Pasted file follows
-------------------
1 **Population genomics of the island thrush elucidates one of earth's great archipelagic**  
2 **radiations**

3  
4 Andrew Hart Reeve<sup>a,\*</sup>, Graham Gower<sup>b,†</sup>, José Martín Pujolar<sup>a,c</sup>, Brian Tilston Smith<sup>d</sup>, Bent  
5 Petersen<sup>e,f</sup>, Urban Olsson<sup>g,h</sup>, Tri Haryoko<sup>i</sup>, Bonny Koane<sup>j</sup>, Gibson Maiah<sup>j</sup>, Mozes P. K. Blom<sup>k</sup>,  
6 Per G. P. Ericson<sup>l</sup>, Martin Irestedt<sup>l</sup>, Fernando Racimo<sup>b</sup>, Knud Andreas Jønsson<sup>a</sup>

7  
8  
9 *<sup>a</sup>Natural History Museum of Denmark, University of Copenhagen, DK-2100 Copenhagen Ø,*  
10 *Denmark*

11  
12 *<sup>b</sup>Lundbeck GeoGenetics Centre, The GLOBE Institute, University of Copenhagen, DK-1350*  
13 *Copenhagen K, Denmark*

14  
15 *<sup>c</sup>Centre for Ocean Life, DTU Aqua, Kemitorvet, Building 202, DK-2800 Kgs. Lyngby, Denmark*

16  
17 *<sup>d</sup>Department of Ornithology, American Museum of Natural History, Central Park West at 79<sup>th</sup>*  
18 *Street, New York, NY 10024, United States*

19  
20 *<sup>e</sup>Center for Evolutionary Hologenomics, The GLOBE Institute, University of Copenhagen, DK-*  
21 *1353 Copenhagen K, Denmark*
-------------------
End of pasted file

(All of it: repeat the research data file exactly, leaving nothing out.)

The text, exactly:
1 **Population genomics of the island thrush elucidates one of earth's great archipelagic**  
2 **radiations**

3  
4 Andrew Hart Reeve<sup>a,\*</sup>, Graham Gower<sup>b,†</sup>, José Martín Pujolar<sup>a,c</sup>, Brian Tilston Smith<sup>d</sup>, Bent  
5 Petersen<sup>e,f</sup>, Urban Olsson<sup>g,h</sup>, Tri Haryoko<sup>i</sup>, Bonny Koane<sup>j</sup>, Gibson Maiah<sup>j</sup>, Mozes P. K. Blom<sup>k</sup>,  
6 Per G. P. Ericson<sup>l</sup>, Martin Irestedt<sup>l</sup>, Fernando Racimo<sup>b</sup>, Knud Andreas Jønsson<sup>a</sup>

7  
8  
9 *<sup>a</sup>Natural History Museum of Denmark, University of Copenhagen, DK-2100 Copenhagen Ø,*  
10 *Denmark*

11  
12 *<sup>b</sup>Lundbeck GeoGenetics Centre, The GLOBE Institute, University of Copenhagen, DK-1350*  
13 *Copenhagen K, Denmark*

14  
15 *<sup>c</sup>Centre for Ocean Life, DTU Aqua, Kemitorvet, Building 202, DK-2800 Kgs. Lyngby, Denmark*

16  
17 *<sup>d</sup>Department of Ornithology, American Museum of Natural History, Central Park West at 79<sup>th</sup>*  
18 *Street, New York, NY 10024, United States*

19  
20 *<sup>e</sup>Center for Evolutionary Hologenomics, The GLOBE Institute, University of Copenhagen, DK-*  
21 *1353 Copenhagen K, Denmark*